Criminal Records store owner Eric Levin said money was never the reason he considered closing the financially strapped independent music store in Little Five Points a year ago.
He was just exasperated trying to keep a small business afloat amid a bad economy and customers who were turning to Amazon and iTunes to get their music. And, he wanted to get into the business of helping fledgling Atlanta bands make records and tour.
The community wasn’t having it. Benefit concerts, a Facebook page and “Save Criminal Records” merchandise sent a message to consumers, but perhaps more importantly, to Levin.
“It never occurred to me that the closing of Criminal would resonate so much,” he told the Atlanta Journal-Constitution. “It was selfish of me. I was just going to make records, but the outpouring of love and support changed things.”
There are more than 700 independent record stores nationwide, and nearly 10 independent music stores in Atlanta or Decatur that have been shuttered in recent years. Amazon and iTunes — which have far fewer overhead costs than brick-and-mortar stores — increasingly function as consumers’ record stores of choice, making it difficult for indy stores to stay open.
One local record store owner is going to give it another try. Don Radcliffe, who owned and operated Ella Guru for nearly 10 years before closing it in 2009, has reopened in Oak Grove Plaza. Radcliffe said he’s selling used records and CDs as a start and then hopes to start selling new record releases as well.
Levin complains about the overhead that comes with running a small business, but he is proud to offer his staff health insurance.
Yet, as one way to cut expenses, Levin had to lay off two employees.
The benefit concerts and other donations raised money for Criminal, but Levin won’t say how much. What matters more was that “Save Criminal Records” created a buzz that brought more people into the store to buy records, CDs and comic books. That’s what improved the financial bottom line the most, he said.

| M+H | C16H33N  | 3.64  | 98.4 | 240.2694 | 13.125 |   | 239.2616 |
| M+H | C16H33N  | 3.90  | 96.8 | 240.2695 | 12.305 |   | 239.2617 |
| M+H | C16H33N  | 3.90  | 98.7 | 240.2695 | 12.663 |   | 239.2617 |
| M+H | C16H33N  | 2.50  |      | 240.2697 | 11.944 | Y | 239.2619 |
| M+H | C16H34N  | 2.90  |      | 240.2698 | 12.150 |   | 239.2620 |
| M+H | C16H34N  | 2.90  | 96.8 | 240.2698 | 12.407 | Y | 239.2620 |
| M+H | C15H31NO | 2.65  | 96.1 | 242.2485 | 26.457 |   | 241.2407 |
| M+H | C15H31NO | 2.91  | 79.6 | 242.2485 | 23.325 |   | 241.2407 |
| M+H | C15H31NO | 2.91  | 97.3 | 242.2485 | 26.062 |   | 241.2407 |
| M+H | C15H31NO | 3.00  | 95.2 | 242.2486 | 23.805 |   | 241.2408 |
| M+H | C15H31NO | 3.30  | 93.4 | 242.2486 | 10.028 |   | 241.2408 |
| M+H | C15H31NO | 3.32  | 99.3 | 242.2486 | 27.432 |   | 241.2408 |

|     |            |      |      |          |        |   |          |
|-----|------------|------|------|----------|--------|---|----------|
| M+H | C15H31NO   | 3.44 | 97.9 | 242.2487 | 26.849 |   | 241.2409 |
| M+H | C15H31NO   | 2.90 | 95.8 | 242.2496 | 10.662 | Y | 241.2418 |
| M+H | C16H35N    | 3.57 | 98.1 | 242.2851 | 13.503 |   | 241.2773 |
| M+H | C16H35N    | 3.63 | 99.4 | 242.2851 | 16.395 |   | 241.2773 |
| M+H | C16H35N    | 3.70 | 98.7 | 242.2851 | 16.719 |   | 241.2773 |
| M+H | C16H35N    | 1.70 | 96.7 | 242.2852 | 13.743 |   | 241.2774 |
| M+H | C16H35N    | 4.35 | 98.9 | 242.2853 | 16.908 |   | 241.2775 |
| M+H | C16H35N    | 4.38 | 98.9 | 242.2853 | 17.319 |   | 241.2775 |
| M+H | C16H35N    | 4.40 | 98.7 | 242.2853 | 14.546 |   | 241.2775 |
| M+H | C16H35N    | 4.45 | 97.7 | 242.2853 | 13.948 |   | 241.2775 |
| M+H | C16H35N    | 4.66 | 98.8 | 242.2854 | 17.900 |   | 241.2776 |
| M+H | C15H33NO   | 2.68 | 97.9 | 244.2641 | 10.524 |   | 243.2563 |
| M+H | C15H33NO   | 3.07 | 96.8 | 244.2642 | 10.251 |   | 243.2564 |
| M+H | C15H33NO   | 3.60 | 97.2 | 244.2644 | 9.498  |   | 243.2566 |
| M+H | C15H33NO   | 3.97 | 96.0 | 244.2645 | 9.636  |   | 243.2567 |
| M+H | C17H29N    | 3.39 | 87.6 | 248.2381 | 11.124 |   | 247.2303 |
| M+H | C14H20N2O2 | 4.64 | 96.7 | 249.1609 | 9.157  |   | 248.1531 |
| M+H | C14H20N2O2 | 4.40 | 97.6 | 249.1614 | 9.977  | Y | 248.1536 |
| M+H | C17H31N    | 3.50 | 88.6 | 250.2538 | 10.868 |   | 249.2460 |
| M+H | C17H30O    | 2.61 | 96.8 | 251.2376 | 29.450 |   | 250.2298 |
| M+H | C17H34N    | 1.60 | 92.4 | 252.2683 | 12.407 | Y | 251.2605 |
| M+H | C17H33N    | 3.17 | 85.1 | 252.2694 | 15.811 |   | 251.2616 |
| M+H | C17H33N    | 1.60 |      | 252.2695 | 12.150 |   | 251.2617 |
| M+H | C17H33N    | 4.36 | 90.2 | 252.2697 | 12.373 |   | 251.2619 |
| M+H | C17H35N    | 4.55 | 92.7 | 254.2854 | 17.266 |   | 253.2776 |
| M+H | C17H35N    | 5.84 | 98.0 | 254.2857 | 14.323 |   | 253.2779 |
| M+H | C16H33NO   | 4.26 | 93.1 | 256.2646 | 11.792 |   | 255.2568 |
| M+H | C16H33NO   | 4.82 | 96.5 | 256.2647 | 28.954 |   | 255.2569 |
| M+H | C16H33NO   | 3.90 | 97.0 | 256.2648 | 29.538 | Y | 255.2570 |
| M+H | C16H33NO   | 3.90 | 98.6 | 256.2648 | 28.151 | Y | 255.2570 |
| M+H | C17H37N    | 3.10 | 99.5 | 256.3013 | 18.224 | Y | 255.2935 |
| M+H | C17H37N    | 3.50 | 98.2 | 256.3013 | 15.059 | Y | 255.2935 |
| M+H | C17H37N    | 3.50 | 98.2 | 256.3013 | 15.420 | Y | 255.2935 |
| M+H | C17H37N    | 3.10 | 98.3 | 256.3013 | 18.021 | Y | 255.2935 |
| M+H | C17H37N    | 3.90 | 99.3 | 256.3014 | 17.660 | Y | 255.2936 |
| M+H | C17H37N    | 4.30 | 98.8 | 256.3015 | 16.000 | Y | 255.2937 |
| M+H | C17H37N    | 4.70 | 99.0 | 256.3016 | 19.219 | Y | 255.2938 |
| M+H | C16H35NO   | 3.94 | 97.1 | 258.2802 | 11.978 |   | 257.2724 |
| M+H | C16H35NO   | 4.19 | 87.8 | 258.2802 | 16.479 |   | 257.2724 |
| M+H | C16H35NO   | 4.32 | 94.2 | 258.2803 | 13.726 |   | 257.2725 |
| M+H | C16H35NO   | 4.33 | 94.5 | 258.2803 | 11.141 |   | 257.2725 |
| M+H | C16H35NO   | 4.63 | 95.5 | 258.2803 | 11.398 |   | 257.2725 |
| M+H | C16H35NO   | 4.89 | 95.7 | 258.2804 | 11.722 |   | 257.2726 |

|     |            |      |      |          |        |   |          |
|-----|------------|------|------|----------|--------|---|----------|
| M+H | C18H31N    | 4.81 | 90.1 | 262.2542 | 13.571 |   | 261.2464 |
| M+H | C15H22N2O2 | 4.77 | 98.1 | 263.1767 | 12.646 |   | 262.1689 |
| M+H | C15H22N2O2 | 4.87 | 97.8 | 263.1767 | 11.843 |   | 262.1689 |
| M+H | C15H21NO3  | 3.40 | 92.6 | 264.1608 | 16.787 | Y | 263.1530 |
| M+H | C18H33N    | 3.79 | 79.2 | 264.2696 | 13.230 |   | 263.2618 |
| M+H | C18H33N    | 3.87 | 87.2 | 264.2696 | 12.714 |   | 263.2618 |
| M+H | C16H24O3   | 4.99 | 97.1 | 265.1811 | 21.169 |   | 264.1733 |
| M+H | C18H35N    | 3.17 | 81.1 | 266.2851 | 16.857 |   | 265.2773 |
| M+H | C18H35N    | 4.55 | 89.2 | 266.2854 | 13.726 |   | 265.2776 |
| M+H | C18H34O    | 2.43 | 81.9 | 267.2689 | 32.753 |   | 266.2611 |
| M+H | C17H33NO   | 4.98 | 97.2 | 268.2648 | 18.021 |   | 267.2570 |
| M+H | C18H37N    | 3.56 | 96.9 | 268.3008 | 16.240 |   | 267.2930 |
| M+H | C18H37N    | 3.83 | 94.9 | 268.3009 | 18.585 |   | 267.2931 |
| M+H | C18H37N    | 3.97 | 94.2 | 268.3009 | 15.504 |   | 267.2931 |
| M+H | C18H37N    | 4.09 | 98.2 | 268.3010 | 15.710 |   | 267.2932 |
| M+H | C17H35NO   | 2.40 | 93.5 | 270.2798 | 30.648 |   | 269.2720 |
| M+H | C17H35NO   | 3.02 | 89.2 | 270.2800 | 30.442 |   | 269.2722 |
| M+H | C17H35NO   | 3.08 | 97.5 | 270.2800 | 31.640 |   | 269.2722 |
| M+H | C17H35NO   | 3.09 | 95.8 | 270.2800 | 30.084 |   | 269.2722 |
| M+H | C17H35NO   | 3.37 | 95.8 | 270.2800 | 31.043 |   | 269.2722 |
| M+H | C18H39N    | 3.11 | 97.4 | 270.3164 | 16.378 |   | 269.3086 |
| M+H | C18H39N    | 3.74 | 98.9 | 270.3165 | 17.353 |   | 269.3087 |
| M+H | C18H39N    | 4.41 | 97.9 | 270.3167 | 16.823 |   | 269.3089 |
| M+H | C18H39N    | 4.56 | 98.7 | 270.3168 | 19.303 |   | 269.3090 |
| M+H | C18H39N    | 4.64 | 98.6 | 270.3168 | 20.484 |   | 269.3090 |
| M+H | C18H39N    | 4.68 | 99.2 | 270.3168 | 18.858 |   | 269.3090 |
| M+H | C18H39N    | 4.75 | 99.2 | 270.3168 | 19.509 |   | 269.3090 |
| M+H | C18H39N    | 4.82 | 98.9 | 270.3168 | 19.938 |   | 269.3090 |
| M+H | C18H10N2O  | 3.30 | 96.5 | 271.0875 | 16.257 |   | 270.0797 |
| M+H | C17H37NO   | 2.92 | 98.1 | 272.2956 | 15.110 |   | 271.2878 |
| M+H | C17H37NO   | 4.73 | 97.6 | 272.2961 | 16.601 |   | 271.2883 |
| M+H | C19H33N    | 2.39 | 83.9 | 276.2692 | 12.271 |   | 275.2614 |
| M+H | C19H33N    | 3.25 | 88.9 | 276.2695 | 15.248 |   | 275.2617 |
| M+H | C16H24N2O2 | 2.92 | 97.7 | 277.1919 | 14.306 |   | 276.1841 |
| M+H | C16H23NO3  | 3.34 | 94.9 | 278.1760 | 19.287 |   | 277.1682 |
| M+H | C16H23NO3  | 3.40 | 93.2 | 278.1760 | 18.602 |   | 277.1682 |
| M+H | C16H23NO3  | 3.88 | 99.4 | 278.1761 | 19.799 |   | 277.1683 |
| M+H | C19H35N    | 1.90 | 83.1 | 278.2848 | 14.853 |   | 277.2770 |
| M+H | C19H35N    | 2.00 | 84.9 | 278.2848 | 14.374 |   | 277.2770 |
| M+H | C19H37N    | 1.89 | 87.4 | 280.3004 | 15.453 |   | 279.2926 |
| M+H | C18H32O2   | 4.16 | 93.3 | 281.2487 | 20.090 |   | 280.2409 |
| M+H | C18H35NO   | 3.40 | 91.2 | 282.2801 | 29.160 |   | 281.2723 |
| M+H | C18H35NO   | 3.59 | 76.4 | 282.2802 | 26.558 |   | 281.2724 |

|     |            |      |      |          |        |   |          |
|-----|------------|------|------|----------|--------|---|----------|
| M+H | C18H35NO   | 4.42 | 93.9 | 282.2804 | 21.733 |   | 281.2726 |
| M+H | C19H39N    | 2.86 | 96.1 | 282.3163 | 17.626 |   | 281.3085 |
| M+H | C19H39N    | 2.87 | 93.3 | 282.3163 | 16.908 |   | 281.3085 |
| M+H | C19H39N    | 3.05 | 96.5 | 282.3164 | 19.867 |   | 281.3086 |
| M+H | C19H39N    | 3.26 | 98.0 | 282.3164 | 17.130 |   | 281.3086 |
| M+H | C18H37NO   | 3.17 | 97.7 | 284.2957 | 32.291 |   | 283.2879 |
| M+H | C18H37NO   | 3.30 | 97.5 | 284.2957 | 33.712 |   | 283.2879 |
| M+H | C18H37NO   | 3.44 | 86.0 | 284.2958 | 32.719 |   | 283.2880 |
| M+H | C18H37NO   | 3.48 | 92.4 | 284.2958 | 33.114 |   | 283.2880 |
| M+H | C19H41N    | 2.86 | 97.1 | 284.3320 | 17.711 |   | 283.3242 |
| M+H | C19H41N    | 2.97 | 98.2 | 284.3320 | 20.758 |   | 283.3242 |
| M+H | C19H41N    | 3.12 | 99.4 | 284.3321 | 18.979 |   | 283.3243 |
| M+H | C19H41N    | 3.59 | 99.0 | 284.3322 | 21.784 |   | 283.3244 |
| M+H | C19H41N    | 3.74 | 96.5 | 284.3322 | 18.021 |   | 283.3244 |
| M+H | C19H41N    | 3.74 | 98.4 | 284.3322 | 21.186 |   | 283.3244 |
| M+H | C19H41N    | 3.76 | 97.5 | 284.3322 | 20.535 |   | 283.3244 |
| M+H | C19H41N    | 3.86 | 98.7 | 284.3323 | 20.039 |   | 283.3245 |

“The increase in sales was what got us through the year,” he said.
Sales, donations and other measures eventually covered the mounting debt that included unpaid federal taxes. Levin and some of his staff put up more cash. The Disney Channel paid one month’s rent after shooting a scene from the movie “Let it Shine” inside the store.
Criminal beefed up its inventory. And events such as the annual Record Store Day and the Little 5 Fest music festival helped increase sales, too. Levin said there’s “absolutely” enough to keep the store open and to include in-store shows, album release parties and seminars.
Levin’s trying to figure out how to say “thank you.” He paired with Atlanta booking agency 4th Ward Heroes for the “Criminal Records Saves” showcase at the annual SXSW music festival in Austin. The lineup featured bands that contributed to Criminal’s benefit concerts, as a way to promote them to a much wider audience.
“It created a nice base. We couldn’t go as big as we wanted, but we wanted to give Atlanta bands some attention,” he said.
Criminal got its start more than 20 years ago, opening on Euclid Avenue in what is now the Java Lords coffee shop next to 7 Stages and the Variety Playhouse. Levin soon expanded the offerings to include comics.
The store moved twice, once into a 2,500-square-foot space between Aurora Coffee — which Levin bought in 2005 — and the offbeat vintage retail shop Junkman’s Daughter. Three years later, Criminal returned to Euclid Avenue. The shop tripled in size, but so did the expenses.
Levin isn’t shy about admitting it was a bad business decision to expand just as the economy was falling off a cliff. As the president of the Alliance of Independent Media Stores and the co-founder of Record Store Day, he frequently traveled to other, much larger stores and got caught up in their endless selection of music.
“I saw big, beautiful record stores, and I wanted to do the same thing,” he said. “I bit off more than I can chew.”
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